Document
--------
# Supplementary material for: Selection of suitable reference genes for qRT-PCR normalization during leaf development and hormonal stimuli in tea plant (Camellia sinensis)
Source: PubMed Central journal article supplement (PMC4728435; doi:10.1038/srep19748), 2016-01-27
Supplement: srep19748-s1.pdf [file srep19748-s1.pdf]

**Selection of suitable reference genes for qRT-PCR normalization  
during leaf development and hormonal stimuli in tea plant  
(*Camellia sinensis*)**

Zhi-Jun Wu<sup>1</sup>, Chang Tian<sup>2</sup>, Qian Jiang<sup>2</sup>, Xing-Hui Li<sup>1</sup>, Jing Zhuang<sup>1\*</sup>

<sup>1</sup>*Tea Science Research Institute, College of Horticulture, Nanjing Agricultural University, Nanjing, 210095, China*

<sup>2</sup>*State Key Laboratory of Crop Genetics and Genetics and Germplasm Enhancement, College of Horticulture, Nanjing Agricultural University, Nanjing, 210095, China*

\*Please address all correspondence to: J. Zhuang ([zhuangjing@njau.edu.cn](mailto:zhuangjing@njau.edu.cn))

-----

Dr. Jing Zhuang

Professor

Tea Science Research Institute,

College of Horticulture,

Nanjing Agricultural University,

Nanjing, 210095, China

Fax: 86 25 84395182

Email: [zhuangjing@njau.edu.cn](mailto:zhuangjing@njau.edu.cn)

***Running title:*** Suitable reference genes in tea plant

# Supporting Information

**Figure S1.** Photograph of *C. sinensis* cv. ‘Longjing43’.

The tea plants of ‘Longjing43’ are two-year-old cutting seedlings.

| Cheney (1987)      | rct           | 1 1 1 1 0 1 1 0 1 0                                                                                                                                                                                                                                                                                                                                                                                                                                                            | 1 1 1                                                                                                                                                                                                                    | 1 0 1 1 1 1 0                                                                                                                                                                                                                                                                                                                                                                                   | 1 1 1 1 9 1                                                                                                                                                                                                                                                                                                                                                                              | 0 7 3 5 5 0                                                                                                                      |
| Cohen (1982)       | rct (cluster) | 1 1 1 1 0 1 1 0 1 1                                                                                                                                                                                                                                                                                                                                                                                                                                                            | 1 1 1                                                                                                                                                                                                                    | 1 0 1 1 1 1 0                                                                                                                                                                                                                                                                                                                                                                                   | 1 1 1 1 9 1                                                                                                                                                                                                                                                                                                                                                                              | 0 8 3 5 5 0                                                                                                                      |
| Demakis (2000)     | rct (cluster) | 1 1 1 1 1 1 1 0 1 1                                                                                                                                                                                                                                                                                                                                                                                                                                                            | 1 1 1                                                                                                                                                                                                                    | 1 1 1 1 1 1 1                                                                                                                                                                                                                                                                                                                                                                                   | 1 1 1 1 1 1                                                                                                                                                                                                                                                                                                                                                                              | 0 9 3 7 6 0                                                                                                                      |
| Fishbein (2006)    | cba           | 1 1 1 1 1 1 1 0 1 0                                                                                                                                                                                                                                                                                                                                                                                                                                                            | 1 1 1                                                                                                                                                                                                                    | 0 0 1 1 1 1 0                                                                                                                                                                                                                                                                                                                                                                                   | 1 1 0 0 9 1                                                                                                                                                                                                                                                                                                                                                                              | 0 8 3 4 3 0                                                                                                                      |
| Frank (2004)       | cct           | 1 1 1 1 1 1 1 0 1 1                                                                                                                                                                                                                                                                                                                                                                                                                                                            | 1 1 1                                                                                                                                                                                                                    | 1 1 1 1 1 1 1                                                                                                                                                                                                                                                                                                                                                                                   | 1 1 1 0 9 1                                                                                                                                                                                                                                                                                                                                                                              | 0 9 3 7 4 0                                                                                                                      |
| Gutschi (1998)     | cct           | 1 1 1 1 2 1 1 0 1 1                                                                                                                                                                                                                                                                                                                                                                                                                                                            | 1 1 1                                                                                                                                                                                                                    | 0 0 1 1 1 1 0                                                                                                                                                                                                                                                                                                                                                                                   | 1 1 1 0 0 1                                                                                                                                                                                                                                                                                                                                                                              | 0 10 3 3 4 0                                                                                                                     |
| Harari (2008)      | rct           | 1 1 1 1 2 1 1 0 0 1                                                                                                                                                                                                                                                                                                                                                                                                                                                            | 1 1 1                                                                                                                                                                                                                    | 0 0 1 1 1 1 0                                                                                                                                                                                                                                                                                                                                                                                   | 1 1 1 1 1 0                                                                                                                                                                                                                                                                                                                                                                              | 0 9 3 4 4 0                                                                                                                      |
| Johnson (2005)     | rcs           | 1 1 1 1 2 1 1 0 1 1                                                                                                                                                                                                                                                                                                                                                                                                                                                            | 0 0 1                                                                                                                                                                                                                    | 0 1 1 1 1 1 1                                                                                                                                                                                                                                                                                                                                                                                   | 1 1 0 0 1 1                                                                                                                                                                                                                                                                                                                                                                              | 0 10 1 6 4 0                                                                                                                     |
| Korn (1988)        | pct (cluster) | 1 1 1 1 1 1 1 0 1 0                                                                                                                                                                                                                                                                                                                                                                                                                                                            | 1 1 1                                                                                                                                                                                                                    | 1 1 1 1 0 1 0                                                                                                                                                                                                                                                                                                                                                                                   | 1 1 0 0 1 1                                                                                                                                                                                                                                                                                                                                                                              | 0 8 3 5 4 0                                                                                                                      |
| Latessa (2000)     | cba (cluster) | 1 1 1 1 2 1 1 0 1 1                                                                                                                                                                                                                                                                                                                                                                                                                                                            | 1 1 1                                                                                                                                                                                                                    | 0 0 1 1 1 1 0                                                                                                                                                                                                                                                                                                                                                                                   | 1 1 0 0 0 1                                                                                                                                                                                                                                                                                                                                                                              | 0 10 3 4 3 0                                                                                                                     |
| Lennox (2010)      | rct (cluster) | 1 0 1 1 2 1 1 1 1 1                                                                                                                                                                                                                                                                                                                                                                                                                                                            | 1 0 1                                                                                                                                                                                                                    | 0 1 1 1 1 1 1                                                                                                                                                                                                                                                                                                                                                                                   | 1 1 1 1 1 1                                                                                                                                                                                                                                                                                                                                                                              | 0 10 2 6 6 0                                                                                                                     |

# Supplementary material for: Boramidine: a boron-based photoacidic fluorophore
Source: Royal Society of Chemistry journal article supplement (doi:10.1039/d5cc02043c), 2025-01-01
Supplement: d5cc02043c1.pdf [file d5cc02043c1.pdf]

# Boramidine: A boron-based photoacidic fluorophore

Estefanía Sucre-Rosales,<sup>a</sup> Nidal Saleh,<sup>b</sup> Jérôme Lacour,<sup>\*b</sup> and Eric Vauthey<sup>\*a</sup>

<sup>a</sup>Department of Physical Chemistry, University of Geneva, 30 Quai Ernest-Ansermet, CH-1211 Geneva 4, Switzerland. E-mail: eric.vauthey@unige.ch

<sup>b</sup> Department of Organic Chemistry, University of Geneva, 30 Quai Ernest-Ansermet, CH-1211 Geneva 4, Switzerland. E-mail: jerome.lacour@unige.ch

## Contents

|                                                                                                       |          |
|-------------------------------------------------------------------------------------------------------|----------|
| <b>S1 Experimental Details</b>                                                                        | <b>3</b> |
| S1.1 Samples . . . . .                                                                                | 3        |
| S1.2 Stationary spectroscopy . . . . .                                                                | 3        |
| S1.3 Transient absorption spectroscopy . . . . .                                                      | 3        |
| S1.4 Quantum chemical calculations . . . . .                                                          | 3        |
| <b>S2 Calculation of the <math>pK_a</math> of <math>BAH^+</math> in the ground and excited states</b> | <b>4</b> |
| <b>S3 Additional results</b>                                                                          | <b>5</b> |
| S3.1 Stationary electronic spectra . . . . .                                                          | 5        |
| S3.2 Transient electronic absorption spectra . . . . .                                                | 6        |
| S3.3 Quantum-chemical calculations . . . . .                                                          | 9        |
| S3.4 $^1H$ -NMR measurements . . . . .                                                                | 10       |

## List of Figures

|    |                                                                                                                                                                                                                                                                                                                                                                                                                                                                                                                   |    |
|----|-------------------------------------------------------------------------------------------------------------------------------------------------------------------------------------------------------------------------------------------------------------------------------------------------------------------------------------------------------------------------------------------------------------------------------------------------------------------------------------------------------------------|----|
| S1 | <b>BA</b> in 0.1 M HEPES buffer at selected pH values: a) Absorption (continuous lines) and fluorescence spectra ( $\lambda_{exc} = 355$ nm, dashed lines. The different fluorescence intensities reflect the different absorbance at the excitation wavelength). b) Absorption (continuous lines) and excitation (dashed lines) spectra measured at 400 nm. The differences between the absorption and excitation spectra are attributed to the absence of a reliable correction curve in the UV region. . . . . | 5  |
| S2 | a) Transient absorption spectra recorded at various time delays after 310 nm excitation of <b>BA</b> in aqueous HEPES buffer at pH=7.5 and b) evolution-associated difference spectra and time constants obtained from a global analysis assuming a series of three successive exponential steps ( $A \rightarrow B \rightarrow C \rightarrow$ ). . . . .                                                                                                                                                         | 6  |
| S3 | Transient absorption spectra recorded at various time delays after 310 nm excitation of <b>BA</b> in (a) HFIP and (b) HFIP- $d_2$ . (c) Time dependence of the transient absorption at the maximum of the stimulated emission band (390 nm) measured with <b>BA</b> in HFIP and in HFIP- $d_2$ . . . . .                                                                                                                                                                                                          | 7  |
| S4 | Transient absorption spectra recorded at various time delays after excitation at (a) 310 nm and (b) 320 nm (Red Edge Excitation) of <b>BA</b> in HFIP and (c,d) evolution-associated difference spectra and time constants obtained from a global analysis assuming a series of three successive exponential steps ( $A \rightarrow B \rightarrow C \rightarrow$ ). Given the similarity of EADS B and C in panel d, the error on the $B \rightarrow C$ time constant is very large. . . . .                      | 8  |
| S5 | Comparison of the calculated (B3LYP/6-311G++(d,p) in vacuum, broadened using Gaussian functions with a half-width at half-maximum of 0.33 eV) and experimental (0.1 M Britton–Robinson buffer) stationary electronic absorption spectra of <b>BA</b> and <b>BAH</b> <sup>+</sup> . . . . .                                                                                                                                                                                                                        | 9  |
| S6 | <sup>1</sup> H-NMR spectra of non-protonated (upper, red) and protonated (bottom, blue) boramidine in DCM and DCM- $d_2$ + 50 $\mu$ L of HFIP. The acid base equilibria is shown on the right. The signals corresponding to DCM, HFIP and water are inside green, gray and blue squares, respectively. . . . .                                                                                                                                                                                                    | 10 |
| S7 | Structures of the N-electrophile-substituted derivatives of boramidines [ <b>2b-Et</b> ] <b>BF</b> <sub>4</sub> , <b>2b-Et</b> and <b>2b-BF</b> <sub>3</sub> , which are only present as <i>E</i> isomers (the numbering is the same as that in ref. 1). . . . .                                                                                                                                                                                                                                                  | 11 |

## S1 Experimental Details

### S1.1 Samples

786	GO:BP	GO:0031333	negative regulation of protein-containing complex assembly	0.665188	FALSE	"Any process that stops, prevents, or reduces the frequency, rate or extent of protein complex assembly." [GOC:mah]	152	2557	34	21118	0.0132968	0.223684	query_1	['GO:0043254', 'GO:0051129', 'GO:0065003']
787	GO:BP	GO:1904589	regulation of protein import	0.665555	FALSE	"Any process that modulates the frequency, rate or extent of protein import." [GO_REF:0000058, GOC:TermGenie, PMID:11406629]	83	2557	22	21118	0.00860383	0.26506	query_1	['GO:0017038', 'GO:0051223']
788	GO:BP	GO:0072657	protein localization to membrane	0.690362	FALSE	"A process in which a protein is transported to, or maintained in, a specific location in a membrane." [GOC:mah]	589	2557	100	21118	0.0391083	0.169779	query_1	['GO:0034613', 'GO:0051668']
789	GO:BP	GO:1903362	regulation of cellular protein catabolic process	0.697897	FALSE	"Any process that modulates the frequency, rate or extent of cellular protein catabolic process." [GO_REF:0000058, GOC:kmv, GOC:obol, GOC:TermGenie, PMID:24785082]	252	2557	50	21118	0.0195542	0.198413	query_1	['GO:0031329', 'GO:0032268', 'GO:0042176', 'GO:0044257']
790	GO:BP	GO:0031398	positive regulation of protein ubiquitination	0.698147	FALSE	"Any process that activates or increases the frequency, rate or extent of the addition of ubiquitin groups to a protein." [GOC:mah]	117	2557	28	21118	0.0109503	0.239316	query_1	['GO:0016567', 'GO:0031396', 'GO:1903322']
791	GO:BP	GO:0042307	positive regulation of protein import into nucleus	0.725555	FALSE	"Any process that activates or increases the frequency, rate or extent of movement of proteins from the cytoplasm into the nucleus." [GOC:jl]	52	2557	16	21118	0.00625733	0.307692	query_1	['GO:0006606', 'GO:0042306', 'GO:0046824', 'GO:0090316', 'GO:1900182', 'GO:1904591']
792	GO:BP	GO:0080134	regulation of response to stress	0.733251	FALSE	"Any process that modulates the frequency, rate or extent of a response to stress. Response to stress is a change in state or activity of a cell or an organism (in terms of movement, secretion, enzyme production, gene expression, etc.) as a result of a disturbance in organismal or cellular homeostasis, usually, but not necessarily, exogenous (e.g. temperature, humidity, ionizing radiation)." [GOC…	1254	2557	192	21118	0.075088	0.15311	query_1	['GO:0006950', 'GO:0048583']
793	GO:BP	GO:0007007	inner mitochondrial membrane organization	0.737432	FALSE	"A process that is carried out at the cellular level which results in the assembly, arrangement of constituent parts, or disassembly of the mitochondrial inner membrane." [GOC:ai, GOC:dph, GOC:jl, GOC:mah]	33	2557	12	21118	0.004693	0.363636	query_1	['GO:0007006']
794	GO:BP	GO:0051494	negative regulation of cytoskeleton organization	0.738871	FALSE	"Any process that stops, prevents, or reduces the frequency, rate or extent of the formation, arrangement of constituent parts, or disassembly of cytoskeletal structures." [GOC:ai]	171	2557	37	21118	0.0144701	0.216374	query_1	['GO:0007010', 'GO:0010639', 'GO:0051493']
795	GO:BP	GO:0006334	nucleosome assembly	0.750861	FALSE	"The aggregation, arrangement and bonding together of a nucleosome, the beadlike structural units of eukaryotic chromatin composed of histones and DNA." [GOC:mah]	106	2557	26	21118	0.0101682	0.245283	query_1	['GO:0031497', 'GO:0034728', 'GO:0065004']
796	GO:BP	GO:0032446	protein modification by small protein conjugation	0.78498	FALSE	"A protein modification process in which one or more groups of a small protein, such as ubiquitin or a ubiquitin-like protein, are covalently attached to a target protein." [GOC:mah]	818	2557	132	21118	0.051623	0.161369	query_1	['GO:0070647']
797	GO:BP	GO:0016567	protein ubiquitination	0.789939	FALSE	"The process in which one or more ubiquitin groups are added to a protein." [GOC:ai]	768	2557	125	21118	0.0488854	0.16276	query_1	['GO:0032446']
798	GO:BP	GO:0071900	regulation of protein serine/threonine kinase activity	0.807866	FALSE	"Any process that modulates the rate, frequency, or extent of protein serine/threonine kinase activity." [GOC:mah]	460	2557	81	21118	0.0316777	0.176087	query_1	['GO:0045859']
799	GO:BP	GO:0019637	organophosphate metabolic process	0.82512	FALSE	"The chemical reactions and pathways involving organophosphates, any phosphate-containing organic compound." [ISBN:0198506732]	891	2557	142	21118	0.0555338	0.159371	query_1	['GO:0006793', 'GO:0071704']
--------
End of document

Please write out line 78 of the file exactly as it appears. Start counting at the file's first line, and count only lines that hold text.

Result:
796	GO:BP	GO:0032446	protein modification by small protein conjugation	0.78498	FALSE	"A protein modification process in which one or more groups of a small protein, such as ubiquitin or a ubiquitin-like protein, are covalently attached to a target protein." [GOC:mah]	818	2557	132	21118	0.051623	0.161369	query_1	['GO:0070647']